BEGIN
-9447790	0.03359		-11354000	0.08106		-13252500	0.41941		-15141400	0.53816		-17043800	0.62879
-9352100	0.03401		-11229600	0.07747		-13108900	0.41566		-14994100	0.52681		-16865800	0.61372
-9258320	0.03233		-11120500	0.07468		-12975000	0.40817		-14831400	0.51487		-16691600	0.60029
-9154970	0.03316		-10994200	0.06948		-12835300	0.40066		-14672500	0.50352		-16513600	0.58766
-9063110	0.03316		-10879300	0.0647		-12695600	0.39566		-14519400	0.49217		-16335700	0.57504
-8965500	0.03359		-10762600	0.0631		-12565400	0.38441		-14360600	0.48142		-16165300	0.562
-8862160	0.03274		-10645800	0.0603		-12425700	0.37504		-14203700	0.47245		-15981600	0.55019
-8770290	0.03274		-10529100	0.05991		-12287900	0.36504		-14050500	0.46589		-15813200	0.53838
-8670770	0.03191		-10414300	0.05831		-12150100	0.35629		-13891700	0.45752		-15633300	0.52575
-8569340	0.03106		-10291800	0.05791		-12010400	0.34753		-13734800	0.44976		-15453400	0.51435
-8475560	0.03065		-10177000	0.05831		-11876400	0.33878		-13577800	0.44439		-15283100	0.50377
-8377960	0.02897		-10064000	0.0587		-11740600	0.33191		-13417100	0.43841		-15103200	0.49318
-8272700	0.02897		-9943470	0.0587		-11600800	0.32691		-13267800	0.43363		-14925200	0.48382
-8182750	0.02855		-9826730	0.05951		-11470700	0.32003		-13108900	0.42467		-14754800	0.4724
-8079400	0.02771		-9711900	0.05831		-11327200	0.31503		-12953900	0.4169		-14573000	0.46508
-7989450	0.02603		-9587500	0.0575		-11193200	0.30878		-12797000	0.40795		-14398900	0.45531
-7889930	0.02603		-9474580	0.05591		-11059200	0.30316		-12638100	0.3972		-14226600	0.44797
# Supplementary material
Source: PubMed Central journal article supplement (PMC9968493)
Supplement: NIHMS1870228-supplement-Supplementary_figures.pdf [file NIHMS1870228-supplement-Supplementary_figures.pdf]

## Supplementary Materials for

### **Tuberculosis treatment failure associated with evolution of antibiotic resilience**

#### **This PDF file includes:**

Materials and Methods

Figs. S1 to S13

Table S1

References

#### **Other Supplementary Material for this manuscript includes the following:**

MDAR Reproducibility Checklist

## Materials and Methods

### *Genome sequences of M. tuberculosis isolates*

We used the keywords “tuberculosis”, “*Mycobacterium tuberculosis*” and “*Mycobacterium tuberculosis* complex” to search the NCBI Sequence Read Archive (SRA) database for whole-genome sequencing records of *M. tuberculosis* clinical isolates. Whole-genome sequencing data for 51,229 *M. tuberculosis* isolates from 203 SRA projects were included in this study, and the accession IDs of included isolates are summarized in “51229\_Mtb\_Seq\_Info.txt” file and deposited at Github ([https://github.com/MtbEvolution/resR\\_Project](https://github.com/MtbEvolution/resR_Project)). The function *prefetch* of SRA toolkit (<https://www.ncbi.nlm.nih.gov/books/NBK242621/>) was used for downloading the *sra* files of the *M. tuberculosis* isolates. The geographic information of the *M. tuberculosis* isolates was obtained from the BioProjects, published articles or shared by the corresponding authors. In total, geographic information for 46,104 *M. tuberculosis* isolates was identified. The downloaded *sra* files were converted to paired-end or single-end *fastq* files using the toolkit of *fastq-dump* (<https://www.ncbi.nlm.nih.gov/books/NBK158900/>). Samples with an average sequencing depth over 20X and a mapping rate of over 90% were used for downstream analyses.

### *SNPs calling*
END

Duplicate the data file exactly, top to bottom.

-9447790	0.03359		-11354000	0.08106		-13252500	0.41941		-15141400	0.53816		-17043800	0.62879
-9352100	0.03401		-11229600	0.07747		-13108900	0.41566		-14994100	0.52681		-16865800	0.61372
-9258320	0.03233		-11120500	0.07468		-12975000	0.40817		-14831400	0.51487		-16691600	0.60029
-9154970	0.03316		-10994200	0.06948		-12835300	0.40066		-14672500	0.50352		-16513600	0.58766
-9063110	0.03316		-10879300	0.0647		-12695600	0.39566		-14519400	0.49217		-16335700	0.57504
-8965500	0.03359		-10762600	0.0631		-12565400	0.38441		-14360600	0.48142		-16165300	0.562
-8862160	0.03274		-10645800	0.0603		-12425700	0.37504		-14203700	0.47245		-15981600	0.55019
-8770290	0.03274		-10529100	0.05991		-12287900	0.36504		-14050500	0.46589		-15813200	0.53838
-8670770	0.03191		-10414300	0.05831		-12150100	0.35629		-13891700	0.45752		-15633300	0.52575
-8569340	0.03106		-10291800	0.05791		-12010400	0.34753		-13734800	0.44976		-15453400	0.51435
-8475560	0.03065		-10177000	0.05831		-11876400	0.33878		-13577800	0.44439		-15283100	0.50377
-8377960	0.02897		-10064000	0.0587		-11740600	0.33191		-13417100	0.43841		-15103200	0.49318
-8272700	0.02897		-9943470	0.0587		-11600800	0.32691		-13267800	0.43363		-14925200	0.48382
-8182750	0.02855		-9826730	0.05951		-11470700	0.32003		-13108900	0.42467		-14754800	0.4724
-8079400	0.02771		-9711900	0.05831		-11327200	0.31503		-12953900	0.4169		-14573000	0.46508
-7989450	0.02603		-9587500	0.0575		-11193200	0.30878		-12797000	0.40795		-14398900	0.45531
-7889930	0.02603		-9474580	0.05591		-11059200	0.30316		-12638100	0.3972		-14226600	0.44797
# Supplementary material
Source: PubMed Central journal article supplement (PMC9968493)
Supplement: NIHMS1870228-supplement-Supplementary_figures.pdf [file NIHMS1870228-supplement-Supplementary_figures.pdf]

## Supplementary Materials for

### **Tuberculosis treatment failure associated with evolution of antibiotic resilience**

#### **This PDF file includes:**

Materials and Methods

Figs. S1 to S13

Table S1

References

#### **Other Supplementary Material for this manuscript includes the following:**

MDAR Reproducibility Checklist

## Materials and Methods

### *Genome sequences of M. tuberculosis isolates*

We used the keywords “tuberculosis”, “*Mycobacterium tuberculosis*” and “*Mycobacterium tuberculosis* complex” to search the NCBI Sequence Read Archive (SRA) database for whole-genome sequencing records of *M. tuberculosis* clinical isolates. Whole-genome sequencing data for 51,229 *M. tuberculosis* isolates from 203 SRA projects were included in this study, and the accession IDs of included isolates are summarized in “51229\_Mtb\_Seq\_Info.txt” file and deposited at Github ([https://github.com/MtbEvolution/resR\\_Project](https://github.com/MtbEvolution/resR_Project)). The function *prefetch* of SRA toolkit (<https://www.ncbi.nlm.nih.gov/books/NBK242621/>) was used for downloading the *sra* files of the *M. tuberculosis* isolates. The geographic information of the *M. tuberculosis* isolates was obtained from the BioProjects, published articles or shared by the corresponding authors. In total, geographic information for 46,104 *M. tuberculosis* isolates was identified. The downloaded *sra* files were converted to paired-end or single-end *fastq* files using the toolkit of *fastq-dump* (<https://www.ncbi.nlm.nih.gov/books/NBK158900/>). Samples with an average sequencing depth over 20X and a mapping rate of over 90% were used for downstream analyses.

### *SNPs calling*